Tuesday, 25 April 2017

Gin cocktails you've never heard of, but really need to try

Looking to do something a little different with your Gordon’s? Want to tweak your Tanqueray and Tonic? Make something other than a Martini? Well you’ve come to the right place. Here’s our low-down of the best gin cocktails you’ve probably not heard of, but really need to try.

Warday’s Cocktail

Taken from the classic Savoy Cocktail Book, this drink deserves to be brought back into public consciousness.

1 Teaspoonful Chartreuse (the traditional recipe calls for green Chartreuse, but yellow would work well too)
1/3 Vermouth
1/3 Dry Gin (we like herbaceous gins to counteract the apple flavouring in the Calvados, like Sipsmith)
1/3 Calvados or Apple Brandy

Combine all ingredients into a cocktail shaker with ice. Shake well and strain into a cocktail glass.

Photo: Didriks (CCL)

This is basically a Negroni which swaps red vermouth for green Chartreuse. The name (the French word for ‘jewel’) is said to represent the jewels for each of the drinks’ components (diamonds for gin, rubies for red vermouth, and emeralds for the green Chartreuse).


50ml gin
25ml Green Chartreuse
50ml Martini Rosso
1 dash bitters

Stir all ingredients with ice and strain into a chilled glass.

Death in the Gulf Stream

Rumoured to be Ernest Hemingway's hangover cure. While we’re not convinced it’s the best way to treat a sore head, it’ll certainly give you one.


Peeled zest and 1 tablespoon juice from 1 lime
4 dashes Angostura bitters
1 teaspoon simple syrup (or a teaspoon of sugar will do)
100ml of gin (the traditional recipe calls for genever, but you could substitute it for a heavy-juniper gin such as Death’s Door or Langley’s No. 8)

Shake all ingredients with ice, pour into an ice-filled glass, churn, and top with more ice.

Monkey Gland
Photo: ChodHound (CCL)
This one is hard not to like – even by those who aren’t big gin drinkers. First created in the 1920s, it’s said to be named after a medical procedure from the time involving male genitalia and, erm, monkeys.


5 parts gin
5 parts fresh orange juice
1 part grenadine
1 dash absinthe

Combine gin, orange juice, grenadine, and absinthe in a cocktail shaker filled with ice; shake vigorously and strain into a coupe glass. Garnish with an orange twist.

Suffering Bastard

Originally named the ‘Suffering Bar Steward’ after the poor, hungover chap who invented it, this is a beauty of a drink which, with the healing powers of limes and ginger, will melt away any suffering.


2 parts bourbon
2 parts gin
2 parts ginger ale
1 part lime juice
2 dashes bitters

Add the bourbon, gin, lime and bitters to an ice-filled glass, and top with ginger ale.

Tuesday, 18 April 2017

Book review: Where Bartenders Drink

What’s the first thing you do when you’re going to a new city? If you’re anything like me, it will be to scour the internet for the best bars and cocktails.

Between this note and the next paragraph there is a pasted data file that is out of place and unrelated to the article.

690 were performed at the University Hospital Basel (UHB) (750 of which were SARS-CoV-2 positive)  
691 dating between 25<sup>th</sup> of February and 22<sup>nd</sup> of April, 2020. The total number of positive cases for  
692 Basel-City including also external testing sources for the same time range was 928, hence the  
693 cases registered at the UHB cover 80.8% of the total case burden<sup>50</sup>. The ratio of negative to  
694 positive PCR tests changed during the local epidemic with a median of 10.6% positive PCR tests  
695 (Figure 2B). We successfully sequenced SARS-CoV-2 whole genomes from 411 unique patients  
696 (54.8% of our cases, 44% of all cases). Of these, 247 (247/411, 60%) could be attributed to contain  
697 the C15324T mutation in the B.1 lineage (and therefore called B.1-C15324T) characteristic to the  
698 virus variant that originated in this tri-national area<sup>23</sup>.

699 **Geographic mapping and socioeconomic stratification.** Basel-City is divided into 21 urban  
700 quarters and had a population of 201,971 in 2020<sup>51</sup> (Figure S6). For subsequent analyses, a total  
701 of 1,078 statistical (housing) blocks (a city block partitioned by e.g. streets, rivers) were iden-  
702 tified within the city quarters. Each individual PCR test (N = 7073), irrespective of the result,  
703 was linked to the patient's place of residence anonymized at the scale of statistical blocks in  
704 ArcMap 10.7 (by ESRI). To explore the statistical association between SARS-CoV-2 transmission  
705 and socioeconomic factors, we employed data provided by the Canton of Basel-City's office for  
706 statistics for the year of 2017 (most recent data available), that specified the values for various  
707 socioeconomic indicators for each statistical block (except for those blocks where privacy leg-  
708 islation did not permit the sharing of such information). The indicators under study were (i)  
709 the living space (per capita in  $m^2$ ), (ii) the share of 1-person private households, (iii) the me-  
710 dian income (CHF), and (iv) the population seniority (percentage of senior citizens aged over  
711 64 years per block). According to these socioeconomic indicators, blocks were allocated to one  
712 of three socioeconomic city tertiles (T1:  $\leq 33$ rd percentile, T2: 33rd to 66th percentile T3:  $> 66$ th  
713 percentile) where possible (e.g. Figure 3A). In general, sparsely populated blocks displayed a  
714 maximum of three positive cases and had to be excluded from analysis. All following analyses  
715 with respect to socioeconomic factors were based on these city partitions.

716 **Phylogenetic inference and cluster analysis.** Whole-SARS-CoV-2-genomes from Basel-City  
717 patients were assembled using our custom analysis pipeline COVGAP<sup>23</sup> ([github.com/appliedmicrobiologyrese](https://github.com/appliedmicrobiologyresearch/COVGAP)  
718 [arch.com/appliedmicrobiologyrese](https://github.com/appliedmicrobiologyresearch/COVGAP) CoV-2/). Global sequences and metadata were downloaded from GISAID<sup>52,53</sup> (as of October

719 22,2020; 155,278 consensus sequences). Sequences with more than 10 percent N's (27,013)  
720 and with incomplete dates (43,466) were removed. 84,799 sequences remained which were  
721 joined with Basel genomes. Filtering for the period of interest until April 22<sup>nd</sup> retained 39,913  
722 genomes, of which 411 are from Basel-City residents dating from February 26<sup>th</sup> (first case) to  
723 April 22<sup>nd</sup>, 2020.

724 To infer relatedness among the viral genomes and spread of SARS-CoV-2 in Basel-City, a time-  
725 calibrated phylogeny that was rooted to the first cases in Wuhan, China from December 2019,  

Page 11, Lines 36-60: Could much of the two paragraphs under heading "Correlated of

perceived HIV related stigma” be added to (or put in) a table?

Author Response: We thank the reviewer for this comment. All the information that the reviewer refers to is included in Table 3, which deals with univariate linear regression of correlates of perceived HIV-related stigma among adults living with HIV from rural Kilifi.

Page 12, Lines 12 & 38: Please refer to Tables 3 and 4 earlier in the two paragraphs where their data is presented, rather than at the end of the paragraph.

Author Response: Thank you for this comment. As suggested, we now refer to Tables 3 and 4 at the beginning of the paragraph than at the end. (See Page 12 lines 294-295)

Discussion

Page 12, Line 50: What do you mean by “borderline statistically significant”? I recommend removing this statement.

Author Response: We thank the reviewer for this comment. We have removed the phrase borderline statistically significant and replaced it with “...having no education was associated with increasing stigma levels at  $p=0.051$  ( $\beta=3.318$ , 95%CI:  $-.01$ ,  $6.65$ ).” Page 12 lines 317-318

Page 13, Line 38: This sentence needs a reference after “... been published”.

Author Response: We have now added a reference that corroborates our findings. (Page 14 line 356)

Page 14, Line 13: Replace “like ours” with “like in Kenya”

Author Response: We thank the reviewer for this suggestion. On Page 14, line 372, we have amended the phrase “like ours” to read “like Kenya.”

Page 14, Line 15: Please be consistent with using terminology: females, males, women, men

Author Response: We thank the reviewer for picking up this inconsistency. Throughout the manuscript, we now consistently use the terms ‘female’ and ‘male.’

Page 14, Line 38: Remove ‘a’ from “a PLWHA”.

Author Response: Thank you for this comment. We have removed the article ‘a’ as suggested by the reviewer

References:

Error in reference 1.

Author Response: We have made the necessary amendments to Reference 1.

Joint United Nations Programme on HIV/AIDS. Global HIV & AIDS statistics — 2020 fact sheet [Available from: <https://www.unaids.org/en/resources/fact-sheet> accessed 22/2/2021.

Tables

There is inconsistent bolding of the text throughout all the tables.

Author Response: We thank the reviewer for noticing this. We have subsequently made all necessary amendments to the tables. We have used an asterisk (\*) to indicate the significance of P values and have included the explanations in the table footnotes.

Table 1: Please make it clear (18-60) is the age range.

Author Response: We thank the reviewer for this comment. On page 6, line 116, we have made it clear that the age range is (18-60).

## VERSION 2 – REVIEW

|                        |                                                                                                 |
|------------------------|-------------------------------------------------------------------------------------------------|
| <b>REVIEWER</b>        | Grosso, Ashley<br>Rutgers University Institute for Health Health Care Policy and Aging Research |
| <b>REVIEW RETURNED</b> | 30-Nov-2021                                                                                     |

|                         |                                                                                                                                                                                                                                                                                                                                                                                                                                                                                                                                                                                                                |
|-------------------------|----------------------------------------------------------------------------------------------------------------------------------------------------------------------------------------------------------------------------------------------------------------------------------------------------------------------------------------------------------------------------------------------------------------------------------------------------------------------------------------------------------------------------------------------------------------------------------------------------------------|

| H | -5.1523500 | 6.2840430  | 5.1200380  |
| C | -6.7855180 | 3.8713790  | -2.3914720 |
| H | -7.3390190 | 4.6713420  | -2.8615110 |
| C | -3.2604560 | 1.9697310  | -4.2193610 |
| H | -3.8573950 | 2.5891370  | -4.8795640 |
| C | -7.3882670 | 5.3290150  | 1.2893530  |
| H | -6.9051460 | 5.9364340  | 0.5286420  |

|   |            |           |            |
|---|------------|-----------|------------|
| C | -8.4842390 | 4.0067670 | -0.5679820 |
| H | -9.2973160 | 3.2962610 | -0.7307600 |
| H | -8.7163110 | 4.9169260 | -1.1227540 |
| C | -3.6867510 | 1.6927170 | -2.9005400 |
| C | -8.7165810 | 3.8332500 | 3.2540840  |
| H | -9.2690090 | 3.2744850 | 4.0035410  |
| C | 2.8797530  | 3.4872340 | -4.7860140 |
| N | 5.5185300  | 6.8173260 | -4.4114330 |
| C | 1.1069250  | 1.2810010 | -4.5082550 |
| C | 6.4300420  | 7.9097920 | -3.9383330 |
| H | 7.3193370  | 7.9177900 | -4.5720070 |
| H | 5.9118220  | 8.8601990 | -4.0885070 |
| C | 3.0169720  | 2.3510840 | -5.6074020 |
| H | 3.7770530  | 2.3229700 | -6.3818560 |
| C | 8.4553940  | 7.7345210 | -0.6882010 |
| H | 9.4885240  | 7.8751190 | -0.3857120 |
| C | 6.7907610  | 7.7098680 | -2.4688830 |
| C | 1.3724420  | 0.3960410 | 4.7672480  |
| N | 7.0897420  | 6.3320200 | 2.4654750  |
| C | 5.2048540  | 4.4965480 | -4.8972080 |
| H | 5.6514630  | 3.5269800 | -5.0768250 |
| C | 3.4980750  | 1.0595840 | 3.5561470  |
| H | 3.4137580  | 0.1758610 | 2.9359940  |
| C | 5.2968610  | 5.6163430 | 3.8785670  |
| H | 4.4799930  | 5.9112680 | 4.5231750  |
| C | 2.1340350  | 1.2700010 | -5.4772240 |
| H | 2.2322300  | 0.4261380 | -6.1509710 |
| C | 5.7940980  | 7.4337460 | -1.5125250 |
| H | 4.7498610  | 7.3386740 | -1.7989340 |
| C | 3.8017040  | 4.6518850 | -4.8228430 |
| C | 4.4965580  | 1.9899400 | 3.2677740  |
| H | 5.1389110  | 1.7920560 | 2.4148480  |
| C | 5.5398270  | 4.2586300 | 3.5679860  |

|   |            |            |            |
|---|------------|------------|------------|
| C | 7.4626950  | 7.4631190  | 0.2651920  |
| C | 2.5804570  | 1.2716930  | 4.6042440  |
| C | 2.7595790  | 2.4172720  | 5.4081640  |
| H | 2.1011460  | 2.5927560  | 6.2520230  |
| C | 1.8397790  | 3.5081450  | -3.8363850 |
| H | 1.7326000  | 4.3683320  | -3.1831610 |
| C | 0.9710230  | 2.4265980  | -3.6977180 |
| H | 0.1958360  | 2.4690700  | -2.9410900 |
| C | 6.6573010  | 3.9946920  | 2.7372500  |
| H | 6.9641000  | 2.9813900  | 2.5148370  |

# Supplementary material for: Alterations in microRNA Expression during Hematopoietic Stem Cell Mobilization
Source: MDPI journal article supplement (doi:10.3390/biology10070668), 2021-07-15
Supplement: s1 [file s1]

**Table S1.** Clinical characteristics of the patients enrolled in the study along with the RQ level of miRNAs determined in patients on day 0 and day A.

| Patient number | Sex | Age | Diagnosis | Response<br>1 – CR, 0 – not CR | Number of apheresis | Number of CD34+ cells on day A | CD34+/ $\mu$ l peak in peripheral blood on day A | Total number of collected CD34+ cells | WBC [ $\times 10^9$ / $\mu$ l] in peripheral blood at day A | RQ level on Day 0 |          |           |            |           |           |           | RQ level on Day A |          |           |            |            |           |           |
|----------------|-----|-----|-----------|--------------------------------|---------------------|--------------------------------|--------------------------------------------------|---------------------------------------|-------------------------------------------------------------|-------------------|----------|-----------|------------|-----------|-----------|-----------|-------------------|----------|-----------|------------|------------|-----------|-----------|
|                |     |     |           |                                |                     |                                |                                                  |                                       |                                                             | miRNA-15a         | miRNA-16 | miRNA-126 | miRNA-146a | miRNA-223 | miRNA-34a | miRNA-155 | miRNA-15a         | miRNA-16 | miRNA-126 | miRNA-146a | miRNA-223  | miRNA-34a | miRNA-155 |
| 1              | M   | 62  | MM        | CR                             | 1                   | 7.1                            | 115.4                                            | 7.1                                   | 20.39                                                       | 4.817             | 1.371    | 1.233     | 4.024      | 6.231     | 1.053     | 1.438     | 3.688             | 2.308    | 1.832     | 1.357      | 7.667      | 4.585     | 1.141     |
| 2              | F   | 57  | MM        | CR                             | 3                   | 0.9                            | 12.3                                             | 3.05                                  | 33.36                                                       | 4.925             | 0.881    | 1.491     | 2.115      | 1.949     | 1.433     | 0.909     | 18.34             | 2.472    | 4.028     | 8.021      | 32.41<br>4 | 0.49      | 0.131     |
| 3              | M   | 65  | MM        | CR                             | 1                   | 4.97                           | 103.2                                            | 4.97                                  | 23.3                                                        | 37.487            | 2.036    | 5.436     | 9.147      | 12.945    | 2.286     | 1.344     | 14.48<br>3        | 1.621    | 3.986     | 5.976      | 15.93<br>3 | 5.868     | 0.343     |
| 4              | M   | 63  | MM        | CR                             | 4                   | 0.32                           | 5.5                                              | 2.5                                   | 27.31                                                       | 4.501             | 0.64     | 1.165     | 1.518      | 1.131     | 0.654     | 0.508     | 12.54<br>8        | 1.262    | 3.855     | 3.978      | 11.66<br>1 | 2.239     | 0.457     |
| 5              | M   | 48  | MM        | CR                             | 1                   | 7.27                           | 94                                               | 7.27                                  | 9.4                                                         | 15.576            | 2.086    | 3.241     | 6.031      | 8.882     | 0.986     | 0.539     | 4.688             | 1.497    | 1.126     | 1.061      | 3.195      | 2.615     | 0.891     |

Sometimes, I’ll get lucky and hit upon a few gems, but more often than not, every available link is TripAdvisor, and the highest rated bar is a party Irish bar that’s just fabulous for hen and stag dos. Not really my thing.

That’s where ‘Where Bartenders Drink’ comes in. It’s a reference book of bars from around the world, selected by around 225 of the world’s top bartenders.

It’s been compiled by Adrienne Stillman, the co-founder and editor-in-chief at Dipsology, an online community for cocktail enthusiasts in NYC. When she’s not busy with that, she works in wine, spirits and hospitality marketing, as well as being a certified sommelier.

The book features 700 bars, covering everything from the fanciest cocktail bars, to the dingiest, charming dive bars, and hidden neighbourhood pubs. 

I am one of those people that goes to a new city armed with a list of bars I want to go to, rather than a list of sights I want to see. I’m afraid this book has made my boozy wanderlust just a little bit worse. Not only has it opened my eyes to a lot more places with great bar scenes, but the numbers of great bars in those places, too.

The bar reviews are insightful – these people really know their drinks, naturally – there are specially commissioned maps to help you find your way around, and introductory essays to different regions around the world.

I live in London, and the suggestions are a list of my favourite bars across the city – including Nightjar, Happiness Forgets, Callooh Callay, Blind Pig, and 69 Colebrooke Row – and the rest are on my must-visit list, with the likes of Dandelyan (I know, how have I not been yet?), The American Bar at The Savoy, and Artesian. So I’ve got plenty to tick off at home before I start dreaming of more cocktails further afield.

So if you’ve got a friend who’s constantly telling you where and what to drink, you know what to get them for their next present. I can guarantee they’ll find somewhere new., and you can feel nice and smug about it.

Tuesday, 11 April 2017

Paradigms and Pervenus @ Theatre of Wine

Those of you who have followed my wine adventures for a little while will know that every so often (and not nearly often enough, may I say…) I organise a wine tasting session for the somewhat grandly titled Camden Symphony Orchestra Wine Society. I say "grandly titled", as the name is a deliberate subterfuge designed to give an element of credibility and refinement to a rag-tag bunch of wastrels who agree with Primal Scream that “we just wanna get loaded; and we wanna have a good time”.